In the Footsteps of the Pioneers — 1
Southern Gables – A Historical Perspective (Part 1 of 3)
“After leaving the smelter smoke of Denver, traversing miles of an uninteresting stretch of country, in reaching the summit, behold the sublime work of nature, a panoramic view of a picturesque valley bursts upon me… Avoca Lodge.” – Margaret (“Molly”) Brown
The sublime work of nature. That’s where we live. Following in the footsteps of the Utes, and then the Spanish fortune-seekers, the European American trappers, traders, miners, and settlers came west to make a home.
The area now known as Southern Gables was known early on as the “Montana district.” The earliest recorded land owners were William and Joseph Hodgson who obtained their land from Captain Arago, a veteran of the Navajo Indian wars. He had obtained the land through a military land grant warrant – 160 acres, as was the norm for that type of grant – then shortly brokered it to the Hodgson brothers in 1859. The cost was approximately $1.50 per acre. That was a good price that Capt. Arago got for the land, indicating how desirable a piece it was; the usual price for an acre of land in the vicinity between 1842 and 1862 was $1.25.
Industrious and hardworking, the Hodgsons set out digging irrigation ditches off what is now Bear Creek to supply their farming needs. They boarded horses, planted trees, and grew field crops for the needs of a growing populace. “Bear Creek Valley,” as it was known, is the oldest and only traceable land acquisition in the vicinity from the 1858-1859 territorial records. Hodgson Park in the 9500 block of Morrison Road is named for them, and the Hodgson Ditch still runs through a surviving farm and the suburban landscape.
The “Stone House,” Lakewood’s first and foremost structure noted on the National Register of Historic Places, was built by William Hodgson, who had extensive written notes in his journal (still in the archives of the Colorado Historical Society). Noted in the minutiae of his journal are the exact material measurements for the structure which include river rock from Bear Creek and rock slab from the Hogback. Although not titled initially, the house was completed in approximately 1861 and formally filed on with the land in 1865. Land holders had to reside on and work the acreage for five years prior to formal ownership. William ceded his interest to his brother and Joseph became the deeded owner, having planted fruit trees and harvesting crops for the required period.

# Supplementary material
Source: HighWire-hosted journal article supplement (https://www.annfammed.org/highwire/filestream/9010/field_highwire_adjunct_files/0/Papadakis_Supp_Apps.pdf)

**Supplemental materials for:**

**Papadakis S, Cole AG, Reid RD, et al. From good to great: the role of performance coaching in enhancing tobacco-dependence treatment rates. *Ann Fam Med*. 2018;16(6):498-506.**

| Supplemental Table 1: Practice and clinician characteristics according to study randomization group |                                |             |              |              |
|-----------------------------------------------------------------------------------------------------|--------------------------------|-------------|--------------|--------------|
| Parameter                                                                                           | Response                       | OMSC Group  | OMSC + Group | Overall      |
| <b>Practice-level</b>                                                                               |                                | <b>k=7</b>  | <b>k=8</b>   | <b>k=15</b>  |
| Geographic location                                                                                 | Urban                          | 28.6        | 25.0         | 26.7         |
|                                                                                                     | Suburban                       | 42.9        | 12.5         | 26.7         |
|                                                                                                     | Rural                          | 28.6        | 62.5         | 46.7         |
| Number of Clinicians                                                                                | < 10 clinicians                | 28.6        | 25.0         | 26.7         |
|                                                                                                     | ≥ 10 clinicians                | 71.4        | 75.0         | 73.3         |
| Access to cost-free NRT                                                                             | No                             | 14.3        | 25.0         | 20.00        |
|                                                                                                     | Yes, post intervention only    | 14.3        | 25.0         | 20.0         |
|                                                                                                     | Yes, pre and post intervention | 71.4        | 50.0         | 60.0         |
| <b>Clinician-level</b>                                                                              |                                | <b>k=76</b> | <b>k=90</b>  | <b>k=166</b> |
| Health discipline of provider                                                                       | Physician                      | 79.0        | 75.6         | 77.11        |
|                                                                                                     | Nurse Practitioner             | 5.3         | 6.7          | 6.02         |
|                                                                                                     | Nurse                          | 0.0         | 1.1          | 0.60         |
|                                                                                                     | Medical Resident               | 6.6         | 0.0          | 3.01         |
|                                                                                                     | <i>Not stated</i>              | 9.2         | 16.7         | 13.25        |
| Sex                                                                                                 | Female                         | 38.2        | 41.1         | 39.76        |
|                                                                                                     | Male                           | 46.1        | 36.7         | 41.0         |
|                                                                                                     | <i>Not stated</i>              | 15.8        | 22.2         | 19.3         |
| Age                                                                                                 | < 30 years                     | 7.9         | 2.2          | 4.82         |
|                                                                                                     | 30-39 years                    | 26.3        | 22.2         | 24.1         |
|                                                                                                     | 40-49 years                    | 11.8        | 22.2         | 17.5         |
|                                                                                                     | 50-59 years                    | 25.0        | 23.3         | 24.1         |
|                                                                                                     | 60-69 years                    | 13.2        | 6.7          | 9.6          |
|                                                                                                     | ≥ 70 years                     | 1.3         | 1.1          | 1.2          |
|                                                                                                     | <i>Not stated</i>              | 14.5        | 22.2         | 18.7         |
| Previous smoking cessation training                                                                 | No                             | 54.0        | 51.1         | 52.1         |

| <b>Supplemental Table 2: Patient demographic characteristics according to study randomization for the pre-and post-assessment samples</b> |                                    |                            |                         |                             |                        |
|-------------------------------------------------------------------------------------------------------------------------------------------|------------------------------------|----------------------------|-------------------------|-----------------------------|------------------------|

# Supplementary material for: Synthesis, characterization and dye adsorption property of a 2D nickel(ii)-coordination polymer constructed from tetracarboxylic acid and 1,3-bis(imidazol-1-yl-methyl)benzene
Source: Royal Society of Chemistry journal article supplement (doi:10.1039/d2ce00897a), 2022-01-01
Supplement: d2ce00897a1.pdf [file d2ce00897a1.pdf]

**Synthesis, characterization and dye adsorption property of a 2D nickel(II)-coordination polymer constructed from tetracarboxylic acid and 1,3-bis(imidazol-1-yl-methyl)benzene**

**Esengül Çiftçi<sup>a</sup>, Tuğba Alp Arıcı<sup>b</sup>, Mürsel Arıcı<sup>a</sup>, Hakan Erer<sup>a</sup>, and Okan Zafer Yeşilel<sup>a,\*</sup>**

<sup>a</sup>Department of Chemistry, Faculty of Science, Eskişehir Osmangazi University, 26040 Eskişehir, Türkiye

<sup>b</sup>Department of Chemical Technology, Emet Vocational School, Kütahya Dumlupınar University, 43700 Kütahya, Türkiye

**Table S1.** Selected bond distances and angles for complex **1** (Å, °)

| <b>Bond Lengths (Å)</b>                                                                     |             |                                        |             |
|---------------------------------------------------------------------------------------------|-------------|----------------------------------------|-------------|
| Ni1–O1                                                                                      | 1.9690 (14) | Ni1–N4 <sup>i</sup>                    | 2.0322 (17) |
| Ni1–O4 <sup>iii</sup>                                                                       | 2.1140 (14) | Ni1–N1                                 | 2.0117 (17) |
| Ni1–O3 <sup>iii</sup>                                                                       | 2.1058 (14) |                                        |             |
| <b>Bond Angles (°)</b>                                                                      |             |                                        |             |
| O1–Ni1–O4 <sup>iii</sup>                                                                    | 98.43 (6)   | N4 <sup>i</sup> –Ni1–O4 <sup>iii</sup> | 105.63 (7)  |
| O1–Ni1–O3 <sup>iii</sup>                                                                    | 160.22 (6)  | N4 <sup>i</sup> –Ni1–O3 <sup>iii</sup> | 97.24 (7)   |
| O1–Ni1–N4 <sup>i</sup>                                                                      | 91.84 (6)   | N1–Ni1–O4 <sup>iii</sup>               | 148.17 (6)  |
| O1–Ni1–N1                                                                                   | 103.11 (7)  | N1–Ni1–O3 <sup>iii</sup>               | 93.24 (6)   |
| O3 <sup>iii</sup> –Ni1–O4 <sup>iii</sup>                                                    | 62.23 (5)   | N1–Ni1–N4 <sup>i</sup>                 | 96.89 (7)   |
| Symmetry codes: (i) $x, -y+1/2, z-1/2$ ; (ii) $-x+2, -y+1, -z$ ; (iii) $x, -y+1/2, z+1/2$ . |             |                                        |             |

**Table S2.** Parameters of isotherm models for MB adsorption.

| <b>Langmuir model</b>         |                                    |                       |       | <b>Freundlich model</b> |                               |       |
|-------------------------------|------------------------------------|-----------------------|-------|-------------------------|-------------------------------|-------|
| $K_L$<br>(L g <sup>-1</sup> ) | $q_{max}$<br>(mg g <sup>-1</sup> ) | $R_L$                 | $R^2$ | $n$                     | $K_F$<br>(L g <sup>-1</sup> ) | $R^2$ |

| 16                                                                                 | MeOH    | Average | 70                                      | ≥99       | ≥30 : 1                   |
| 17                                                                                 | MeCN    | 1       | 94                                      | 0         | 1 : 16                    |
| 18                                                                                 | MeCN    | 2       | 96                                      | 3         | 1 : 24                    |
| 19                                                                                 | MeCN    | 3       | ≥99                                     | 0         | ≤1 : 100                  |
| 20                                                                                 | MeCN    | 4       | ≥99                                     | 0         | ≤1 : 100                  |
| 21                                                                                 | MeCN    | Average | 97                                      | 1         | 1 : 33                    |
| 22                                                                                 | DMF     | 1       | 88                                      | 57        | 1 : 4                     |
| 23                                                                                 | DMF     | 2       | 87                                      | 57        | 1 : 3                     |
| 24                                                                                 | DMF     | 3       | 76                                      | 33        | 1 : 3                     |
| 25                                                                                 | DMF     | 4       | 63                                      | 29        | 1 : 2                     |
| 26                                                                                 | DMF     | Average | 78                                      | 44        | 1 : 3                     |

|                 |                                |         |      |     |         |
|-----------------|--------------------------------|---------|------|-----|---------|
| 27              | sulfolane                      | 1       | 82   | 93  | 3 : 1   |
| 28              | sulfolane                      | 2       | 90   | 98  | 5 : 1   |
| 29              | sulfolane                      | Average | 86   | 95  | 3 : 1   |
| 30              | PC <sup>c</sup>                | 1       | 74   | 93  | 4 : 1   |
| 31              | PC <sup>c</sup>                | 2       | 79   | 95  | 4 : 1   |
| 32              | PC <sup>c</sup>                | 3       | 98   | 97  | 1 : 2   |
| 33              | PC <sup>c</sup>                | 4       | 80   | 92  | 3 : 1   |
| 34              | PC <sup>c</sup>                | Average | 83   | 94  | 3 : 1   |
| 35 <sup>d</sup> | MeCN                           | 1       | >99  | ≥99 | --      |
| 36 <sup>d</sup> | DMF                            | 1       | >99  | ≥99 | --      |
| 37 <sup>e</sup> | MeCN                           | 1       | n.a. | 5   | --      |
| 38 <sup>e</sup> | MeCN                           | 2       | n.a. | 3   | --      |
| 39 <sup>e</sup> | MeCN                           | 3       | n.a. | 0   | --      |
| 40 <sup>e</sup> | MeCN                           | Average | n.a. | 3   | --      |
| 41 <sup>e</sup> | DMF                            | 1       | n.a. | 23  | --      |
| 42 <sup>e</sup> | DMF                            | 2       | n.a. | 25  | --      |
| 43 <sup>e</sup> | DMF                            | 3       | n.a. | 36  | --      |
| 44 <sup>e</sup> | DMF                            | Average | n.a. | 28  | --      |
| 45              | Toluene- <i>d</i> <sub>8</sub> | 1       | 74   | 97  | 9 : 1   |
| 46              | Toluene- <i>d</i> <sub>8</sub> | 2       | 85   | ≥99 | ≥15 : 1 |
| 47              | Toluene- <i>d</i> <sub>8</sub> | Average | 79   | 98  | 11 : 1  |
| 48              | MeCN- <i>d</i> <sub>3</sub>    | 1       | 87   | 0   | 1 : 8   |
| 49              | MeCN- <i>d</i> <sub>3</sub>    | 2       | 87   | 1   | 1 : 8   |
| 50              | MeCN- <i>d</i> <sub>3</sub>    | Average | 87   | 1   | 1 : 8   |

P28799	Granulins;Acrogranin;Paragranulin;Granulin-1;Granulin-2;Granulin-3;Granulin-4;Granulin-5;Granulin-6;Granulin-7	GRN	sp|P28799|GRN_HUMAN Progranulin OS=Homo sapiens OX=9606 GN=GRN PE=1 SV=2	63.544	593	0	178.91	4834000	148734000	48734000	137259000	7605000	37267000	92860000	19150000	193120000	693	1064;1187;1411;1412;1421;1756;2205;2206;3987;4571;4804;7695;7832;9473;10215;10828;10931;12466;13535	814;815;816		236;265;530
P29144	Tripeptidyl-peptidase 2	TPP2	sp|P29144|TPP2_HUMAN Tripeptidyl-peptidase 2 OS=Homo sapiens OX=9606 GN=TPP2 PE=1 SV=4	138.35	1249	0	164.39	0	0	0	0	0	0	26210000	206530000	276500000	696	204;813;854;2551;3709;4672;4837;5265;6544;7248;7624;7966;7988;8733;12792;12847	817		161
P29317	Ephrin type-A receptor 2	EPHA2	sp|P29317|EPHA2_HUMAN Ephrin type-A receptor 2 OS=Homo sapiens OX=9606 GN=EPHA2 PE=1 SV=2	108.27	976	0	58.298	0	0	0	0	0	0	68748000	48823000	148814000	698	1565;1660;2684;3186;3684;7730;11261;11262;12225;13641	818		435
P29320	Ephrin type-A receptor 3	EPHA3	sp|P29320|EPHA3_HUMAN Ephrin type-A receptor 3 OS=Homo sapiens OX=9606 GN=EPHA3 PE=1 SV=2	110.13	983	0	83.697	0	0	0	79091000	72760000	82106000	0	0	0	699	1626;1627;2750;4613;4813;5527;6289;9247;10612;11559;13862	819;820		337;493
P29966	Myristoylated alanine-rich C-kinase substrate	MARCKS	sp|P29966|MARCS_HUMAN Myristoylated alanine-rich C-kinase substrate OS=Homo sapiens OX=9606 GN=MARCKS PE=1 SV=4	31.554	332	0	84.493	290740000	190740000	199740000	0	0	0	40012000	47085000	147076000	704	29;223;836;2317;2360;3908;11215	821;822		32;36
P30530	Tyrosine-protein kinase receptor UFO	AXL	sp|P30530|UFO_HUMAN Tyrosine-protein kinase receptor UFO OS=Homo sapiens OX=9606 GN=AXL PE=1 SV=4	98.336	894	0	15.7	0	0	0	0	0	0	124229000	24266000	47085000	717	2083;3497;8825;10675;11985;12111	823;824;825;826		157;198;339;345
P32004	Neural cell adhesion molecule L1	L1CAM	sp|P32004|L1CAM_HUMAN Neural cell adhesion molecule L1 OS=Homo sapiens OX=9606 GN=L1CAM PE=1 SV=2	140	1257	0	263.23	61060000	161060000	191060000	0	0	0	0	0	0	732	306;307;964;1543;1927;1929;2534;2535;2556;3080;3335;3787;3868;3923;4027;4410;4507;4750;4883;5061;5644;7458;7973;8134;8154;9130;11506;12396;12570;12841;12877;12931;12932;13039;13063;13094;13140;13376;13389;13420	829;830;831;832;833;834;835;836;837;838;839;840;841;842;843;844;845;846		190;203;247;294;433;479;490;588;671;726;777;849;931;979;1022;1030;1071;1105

Fred C. Schnell worked for the Hodgsons and in 1891 he purchased a farm carved out of the southern part of the brothers’ holdings, west of Wadsworth. He had worked on the place for a couple of years before buying it, living in a bunkhouse at first and then a larger house in 1890, then building a big foursquare house in 1901.1 The Schnell farm was recognized as a Colorado “Centennial Farm,” with the same family holding it over 100 years through the generations. That milestone was passed years ago, of course, and the farm is still in the same family to this day.
William Hodgson moved on to a political and civic career, and assisted in plotting a large portion of the Bear Valley area. He also circulated a petition calling for a “good road” directly from Denver. Denver agreed and that road is Sheridan Blvd. Ironically, Morrison Road (old Bradford road) was paved, but Sheridan was dirt. The priority of the Morrison Road was probably to facilitate the Spottswood-McClellan Stage which transported passengers, Wells Fargo freight and U.S. mail.
We’ll tell more about the stage line, and some of its stops in our area, in the next installment.
— Ken Fischer is a longtime resident of Southern Gables. He compiled this material from historical records from the Lakewood Heritage Center, the Jefferson County Historical Society, historycolorado.org, and interviews with Lakewood and Jefferson County officials.
- Articles and records about the Schnell Farm and other properties: 76 Centennial Stories